One Christmas morning a few years ago, an army chaplain decided to join some squaddies in their armoured vehicle for a routine patrol in downtown Baghdad. As they drove through the dry dusty streets, they were only too aware of the possible dangers that they either saw or imagined in every person or pile of rubble that they came across. As usual, they drove at walking pace.
Within about ten minutes, they found themselves surrounded by a silent crowd.
They soon realised that there was nothing to fear because the “crowd” consisted of about 20 skinny-looking, shabbily-dressed young children. They had that beige monochromatic look that we are all used to seeing in television reports – thin dusty faces, sand-matted hair , barefoot with beige and white ripped clothes. These were street kids.
The chaplain signalled the driver to stop. The children came closer and closer, until some were actually touching the hot metal of the vehicle’s bodywork. The chaplain, being the good man that he was, always carried sweets – not chocolate, because that tended to melt in these temperatures – just a paper bag full of ordinary boiled sweets.
He leaned out of his window, held the open bag of sweets and smiled at the kids.
The children all held their hands out – obviously not quite trusting the smartly-dressed British Officer, but gradually, one-by one they started to come towards the chaplain and his sweets. Eventually, there was a bit of a rush and within a minute, all the sweets (and the bag) had gone.
Gradually, the laughing children dispersed and their excited chatter left with them.
The armoured car remained parked until all of the children had disappeared and the street was back to the familiar grown-up adult bustle of diggers lifting the rubble of bombed houses, squeaky wheelbarrows and arguing workers with shovels and picks.
The chaplain had enjoyed the moment. The sound of childrens’ laughter reminded him of his own children back home. He imagined his young son’s and daughter’s squeals of delight that very morning as they opened their Christmas presents without him. He felt sad but at the same time, he felt warm inside and felt that he had just been given a small taste of Christmas.
Then, out of the corner of his eye, he noticed a girl of about 11 sitting on a pile of rocks, just a few feet away from him. He waved at her – but nothing. She just stared. He felt his pockets but he had no more sweets to give.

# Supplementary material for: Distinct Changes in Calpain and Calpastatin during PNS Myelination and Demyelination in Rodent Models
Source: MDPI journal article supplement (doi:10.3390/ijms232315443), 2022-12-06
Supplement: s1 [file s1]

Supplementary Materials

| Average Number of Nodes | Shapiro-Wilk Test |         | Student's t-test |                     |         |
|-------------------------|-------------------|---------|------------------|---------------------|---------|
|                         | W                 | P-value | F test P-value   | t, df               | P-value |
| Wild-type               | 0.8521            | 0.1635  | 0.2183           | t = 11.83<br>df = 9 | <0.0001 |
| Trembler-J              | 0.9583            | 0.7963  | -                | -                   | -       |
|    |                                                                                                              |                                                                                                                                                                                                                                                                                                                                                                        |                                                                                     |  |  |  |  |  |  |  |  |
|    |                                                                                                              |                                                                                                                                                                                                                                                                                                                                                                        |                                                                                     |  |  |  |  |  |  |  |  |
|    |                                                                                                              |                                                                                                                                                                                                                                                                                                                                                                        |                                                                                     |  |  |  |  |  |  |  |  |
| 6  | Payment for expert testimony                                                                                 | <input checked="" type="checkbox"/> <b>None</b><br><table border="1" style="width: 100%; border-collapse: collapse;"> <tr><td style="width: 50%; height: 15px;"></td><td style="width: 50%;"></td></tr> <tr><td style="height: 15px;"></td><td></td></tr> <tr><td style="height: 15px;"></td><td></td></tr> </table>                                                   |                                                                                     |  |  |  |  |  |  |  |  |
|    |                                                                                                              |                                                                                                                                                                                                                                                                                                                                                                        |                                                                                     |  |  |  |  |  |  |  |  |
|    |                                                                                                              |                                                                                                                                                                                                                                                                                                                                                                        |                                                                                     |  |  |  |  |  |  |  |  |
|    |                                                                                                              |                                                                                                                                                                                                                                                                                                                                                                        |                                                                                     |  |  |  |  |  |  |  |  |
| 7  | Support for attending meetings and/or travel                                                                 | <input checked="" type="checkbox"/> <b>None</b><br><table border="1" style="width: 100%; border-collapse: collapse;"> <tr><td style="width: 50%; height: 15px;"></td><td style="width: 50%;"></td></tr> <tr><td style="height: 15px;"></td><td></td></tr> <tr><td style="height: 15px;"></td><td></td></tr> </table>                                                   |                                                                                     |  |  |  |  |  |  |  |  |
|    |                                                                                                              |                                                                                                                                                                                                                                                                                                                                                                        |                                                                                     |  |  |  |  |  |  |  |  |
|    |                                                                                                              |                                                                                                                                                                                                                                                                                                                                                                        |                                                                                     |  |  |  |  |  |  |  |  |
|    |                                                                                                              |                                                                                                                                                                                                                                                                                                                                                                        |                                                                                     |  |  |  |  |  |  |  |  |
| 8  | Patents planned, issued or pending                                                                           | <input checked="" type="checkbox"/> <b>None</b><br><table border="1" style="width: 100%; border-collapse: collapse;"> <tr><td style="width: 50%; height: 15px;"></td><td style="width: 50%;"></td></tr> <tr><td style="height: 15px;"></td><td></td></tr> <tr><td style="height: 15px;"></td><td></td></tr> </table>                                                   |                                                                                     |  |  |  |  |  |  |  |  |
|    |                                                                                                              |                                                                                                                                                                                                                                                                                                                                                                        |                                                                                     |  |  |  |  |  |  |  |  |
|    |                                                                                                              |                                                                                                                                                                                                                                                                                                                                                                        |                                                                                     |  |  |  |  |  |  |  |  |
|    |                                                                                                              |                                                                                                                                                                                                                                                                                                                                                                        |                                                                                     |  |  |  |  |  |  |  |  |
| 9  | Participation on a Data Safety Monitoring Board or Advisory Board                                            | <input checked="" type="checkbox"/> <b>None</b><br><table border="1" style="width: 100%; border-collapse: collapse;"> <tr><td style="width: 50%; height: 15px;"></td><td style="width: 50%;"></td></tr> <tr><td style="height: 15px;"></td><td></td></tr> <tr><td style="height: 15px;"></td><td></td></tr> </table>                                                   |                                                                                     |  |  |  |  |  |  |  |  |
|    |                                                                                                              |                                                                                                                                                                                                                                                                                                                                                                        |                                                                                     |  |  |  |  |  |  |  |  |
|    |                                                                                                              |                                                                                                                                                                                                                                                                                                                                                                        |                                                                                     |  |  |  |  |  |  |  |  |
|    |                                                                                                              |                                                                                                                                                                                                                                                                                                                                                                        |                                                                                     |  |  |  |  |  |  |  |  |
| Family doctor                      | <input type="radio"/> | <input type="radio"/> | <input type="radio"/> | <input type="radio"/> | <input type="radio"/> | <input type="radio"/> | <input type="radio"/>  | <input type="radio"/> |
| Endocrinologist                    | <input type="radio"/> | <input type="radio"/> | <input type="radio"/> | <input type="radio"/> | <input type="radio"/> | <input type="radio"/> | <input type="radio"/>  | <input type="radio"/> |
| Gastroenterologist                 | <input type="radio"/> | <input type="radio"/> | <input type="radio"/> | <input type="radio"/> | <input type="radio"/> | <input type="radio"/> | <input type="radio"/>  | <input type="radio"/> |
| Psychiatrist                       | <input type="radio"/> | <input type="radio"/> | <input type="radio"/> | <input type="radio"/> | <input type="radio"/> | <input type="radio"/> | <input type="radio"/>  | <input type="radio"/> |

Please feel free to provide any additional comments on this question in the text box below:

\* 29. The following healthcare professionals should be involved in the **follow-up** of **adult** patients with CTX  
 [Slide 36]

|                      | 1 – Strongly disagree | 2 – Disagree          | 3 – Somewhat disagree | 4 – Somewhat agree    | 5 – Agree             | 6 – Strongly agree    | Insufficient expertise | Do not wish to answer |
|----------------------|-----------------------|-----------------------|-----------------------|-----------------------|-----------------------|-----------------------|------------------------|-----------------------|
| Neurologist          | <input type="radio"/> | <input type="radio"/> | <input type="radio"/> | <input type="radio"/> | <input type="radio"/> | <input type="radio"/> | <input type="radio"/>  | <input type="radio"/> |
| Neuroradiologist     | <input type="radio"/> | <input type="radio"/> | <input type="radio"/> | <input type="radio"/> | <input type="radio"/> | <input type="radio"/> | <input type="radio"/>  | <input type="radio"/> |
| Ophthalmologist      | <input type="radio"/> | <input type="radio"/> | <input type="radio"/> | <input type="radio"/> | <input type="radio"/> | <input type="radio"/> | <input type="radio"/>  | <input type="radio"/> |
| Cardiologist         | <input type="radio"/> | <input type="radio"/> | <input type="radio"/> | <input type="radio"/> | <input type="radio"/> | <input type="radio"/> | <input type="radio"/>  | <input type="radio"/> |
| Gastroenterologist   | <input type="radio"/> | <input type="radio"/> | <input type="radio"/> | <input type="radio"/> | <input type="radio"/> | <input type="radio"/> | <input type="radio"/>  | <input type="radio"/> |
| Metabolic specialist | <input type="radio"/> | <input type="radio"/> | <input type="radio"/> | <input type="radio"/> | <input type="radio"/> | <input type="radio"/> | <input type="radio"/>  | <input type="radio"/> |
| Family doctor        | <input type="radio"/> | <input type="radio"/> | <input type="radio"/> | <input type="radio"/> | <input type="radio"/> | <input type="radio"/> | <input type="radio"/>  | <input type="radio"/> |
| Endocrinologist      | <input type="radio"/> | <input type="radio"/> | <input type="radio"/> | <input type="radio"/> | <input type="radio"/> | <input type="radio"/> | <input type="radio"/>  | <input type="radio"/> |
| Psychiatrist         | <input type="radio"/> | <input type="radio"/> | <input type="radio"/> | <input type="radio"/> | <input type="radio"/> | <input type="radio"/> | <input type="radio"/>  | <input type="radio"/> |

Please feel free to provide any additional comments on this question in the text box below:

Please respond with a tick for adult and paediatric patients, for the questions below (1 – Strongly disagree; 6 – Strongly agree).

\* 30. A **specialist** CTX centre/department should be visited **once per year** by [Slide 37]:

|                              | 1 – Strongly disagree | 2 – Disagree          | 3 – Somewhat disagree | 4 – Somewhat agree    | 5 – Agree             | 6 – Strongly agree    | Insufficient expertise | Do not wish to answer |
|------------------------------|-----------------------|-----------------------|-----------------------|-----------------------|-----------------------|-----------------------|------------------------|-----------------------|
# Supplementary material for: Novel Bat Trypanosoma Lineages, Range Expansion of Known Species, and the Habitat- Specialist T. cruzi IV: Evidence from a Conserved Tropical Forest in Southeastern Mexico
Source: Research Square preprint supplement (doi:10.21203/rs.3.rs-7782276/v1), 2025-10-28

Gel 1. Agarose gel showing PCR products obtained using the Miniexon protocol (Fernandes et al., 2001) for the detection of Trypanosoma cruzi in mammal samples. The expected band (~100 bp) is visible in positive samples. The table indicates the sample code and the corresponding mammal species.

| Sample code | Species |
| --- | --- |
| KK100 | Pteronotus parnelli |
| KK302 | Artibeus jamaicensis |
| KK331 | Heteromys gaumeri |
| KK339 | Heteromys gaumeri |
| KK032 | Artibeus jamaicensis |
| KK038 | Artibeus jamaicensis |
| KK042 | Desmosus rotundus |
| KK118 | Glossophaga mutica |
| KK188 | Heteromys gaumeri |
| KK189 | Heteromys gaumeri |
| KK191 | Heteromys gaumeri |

He decided to be silly and started to pull faces at her. He rolled his eyes, stuck his tongue out, stuck his thumbs in his ears and wiggled his fingers. His driver remained “eyes forward” – he knew that it was best not to look at an officer – chaplain or not- who was making a prat of himself.
Gradually, the skinny little girl began to relax, became a bit more confident. Soon she smiled began to look a little bit more animated. After a few more minutes of the chaplain’s silliness, she was laughing.
Two minutes later, the girl stood and walked slowly towards the vehicle. The chaplain noticed that she had both arms down by her sides – as if she was trying to conceal something. For a brief moment, the chaplain felt a slight “frisson” of alarm, having heard of child bombers being told that they could detonate a bomb without any harm coming to them.
Nevertheless, he stepped out of the vehicle and stood – waiting for her to approach.
She stopped only an arm’s length away and looked him straight in the eyes and continued to smile.
The chaplain could now see quite clearly how underweight and probably very hungry she was. He thought about two things simultaneously. Firstly, whether she was a bomber and whether there was anything to give her to eat on this Christmas morning – but he had nothing useful to give. She continued to stare.
Her cheeks were hollow but her eyes shone like diamonds.
Slowly, the girl stretched both arms towards him with two clenched fists turned downwards. Her gaze never left his face. Then she turned her clenched fists so that they were pointing upwards.
Then…she opened her hands, palms-up.
As she opened her hands, he was surprised to see that there was a boiled sweet on each palm. She smiled the broadest smile and nodded, indicating that he should take one of the sweets.
She didn’t move or flinch as he reached out and took a sweet. “Thank you,” he said.
She didn’t understand what the English soldier had said to her. All she knew was that ten minutes previously, he had given all of his sweets away to the other children and she had accidentally taken two sweets.
She thought that she would give one back to the soldier, so that he too had a sweet.
That small, simple act of generosity by a hungry little Muslim girl reminded the chaplain of what we call “the Spirit of Christmas” is all about.